Pharmaceutical

Patient advocate takes up fight against medical devices that harm women

morcellator Patient advocate takes up fight against medical devices that harm womenHooman Noorchashm, the Boston doctor who became a patient advocate after a surgical tool caused the worsening of his physician wife Amy Reed’s uterine cancer, has taken up the fight against a contraceptive device blamed for harming women.

Noorchashm became an outspoken advocate against power morcellators, surgical tools used to perform hysterectomies and myomectomies (uterine fibroid removal). The devices are fitted with a tube-like blade that minces entire uteruses or uterine growths inside the uterine cavity and removes them through a small incision in the abdomen.

Hysterectomies and myomectomies using power morcellators have been favored over open surgeries by many doctors because the devices are less invasive, offer shorter recovery time, and leave less scar tissue.

What Noorchashm and his wife have painfully brought to light is that power morcellation can spew bits of previously undetected cancerous tissue within the abdominal cavity, seeding new cancer growth and worsening the odds of survival. Some types of uterine cancer, such as uterine sarcoma, are difficult to detect without first removing the tissue.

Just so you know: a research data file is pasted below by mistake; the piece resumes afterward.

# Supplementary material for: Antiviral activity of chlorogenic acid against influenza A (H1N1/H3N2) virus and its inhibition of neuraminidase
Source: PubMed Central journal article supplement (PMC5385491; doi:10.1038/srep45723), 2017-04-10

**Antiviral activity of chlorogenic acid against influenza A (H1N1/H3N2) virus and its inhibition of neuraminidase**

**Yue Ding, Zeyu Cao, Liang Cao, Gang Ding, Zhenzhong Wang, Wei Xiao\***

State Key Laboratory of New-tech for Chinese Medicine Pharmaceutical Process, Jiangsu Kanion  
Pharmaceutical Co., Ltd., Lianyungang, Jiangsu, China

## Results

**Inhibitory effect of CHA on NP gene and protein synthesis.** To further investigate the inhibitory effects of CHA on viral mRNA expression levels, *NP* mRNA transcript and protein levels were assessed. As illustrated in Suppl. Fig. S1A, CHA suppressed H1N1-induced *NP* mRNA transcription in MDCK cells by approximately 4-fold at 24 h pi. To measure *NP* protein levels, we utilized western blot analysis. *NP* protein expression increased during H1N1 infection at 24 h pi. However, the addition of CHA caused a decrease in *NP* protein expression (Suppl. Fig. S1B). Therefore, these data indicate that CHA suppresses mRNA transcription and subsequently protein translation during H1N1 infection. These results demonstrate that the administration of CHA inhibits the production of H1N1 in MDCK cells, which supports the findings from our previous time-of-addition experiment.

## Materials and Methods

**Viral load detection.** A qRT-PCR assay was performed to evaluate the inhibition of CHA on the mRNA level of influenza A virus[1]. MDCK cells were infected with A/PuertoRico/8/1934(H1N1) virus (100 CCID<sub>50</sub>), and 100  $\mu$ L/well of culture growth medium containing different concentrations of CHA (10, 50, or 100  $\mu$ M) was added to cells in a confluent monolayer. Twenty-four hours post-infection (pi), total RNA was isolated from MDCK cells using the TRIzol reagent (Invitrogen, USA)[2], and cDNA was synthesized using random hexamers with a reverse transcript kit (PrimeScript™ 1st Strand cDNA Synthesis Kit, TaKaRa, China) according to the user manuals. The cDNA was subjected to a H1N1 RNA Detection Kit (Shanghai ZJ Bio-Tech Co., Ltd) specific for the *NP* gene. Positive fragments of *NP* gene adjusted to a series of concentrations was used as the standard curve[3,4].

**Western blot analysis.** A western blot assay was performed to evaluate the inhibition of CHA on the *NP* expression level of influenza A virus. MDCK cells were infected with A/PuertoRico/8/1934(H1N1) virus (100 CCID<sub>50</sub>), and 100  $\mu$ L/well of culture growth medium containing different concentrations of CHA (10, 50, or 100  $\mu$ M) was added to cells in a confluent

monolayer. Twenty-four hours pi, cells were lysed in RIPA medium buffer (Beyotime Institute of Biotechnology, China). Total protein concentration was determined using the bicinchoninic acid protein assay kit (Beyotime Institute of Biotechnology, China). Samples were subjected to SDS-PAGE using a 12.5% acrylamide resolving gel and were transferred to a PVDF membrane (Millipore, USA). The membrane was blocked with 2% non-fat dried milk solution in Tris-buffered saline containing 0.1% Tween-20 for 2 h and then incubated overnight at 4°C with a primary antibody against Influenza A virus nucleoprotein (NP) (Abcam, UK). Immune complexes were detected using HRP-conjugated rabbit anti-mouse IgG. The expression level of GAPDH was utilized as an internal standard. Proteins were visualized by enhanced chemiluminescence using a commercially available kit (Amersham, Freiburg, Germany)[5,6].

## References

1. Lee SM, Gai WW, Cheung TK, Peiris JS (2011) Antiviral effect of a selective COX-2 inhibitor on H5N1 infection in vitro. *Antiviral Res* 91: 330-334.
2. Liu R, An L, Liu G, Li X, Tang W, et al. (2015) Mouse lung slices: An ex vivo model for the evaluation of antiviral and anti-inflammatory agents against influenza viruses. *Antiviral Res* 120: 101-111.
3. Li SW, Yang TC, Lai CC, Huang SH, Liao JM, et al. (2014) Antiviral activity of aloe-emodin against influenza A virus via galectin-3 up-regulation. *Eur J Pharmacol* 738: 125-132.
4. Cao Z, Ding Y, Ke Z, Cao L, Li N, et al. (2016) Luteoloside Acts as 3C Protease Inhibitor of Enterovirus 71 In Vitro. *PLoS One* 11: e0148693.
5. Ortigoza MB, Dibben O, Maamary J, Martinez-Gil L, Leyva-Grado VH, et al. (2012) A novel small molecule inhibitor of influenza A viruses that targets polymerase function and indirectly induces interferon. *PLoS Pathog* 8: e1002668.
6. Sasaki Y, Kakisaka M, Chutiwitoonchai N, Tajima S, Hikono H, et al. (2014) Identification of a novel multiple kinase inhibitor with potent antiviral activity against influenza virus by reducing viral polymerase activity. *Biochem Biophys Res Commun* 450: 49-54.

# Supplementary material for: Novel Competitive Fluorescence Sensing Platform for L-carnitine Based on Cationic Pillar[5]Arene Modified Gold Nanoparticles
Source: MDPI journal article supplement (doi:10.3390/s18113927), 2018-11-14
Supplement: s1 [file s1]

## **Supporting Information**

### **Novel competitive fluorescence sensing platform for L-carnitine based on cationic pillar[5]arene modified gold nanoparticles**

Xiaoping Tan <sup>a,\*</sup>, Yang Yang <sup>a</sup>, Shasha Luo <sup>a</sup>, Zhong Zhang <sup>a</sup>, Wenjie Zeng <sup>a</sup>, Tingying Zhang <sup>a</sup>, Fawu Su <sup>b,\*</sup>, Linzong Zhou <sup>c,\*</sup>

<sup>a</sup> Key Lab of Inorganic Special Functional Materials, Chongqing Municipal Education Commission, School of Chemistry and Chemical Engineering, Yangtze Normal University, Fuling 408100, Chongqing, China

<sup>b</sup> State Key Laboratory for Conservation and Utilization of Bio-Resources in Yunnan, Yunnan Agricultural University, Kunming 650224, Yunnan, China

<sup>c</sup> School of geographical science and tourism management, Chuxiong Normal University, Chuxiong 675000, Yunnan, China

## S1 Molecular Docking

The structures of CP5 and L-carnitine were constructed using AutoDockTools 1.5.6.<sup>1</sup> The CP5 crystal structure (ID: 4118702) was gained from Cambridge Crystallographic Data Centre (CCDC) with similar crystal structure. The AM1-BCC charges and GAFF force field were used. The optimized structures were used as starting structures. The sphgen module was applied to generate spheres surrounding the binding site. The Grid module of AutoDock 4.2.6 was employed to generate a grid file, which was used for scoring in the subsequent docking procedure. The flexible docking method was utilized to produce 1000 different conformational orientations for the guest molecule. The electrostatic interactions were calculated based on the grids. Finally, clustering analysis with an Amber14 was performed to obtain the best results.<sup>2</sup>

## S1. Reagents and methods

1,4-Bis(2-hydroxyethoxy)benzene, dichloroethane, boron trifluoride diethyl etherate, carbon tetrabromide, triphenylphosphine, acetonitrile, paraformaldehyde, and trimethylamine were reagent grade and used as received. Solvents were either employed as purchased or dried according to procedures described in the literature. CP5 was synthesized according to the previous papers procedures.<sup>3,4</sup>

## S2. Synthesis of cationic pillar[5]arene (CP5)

Reed is currently fighting for her life. Her uterine sarcoma has spread within her body and her prognosis is grim. She and Noorchashm shared their concerns regarding cancer spread with power morcellation with friends, colleagues, congressmen, and the federal government, ultimately promoting a probe by the Food and Drug Administration (FDA). The agency placed a black box warning on power morcellators and advised doctors not to use the tools on most women due to the risk of cancer spread.

Noorchashm’s latest fight is not as personal, but it does highlight another situation that he calls a “profound problem. The corporate side of medicine gets in the way of patient care.” Those statements were made about the nonsurgical permanent birth control method, Essure. The device, made by Bayer Healthcare, has been linked to tens of thousands of complications including perforation of the fallopian tube or uterine wall, and embedment in other organs, leading to hysterectomy or surgical removal.

Sources:
Philly.com
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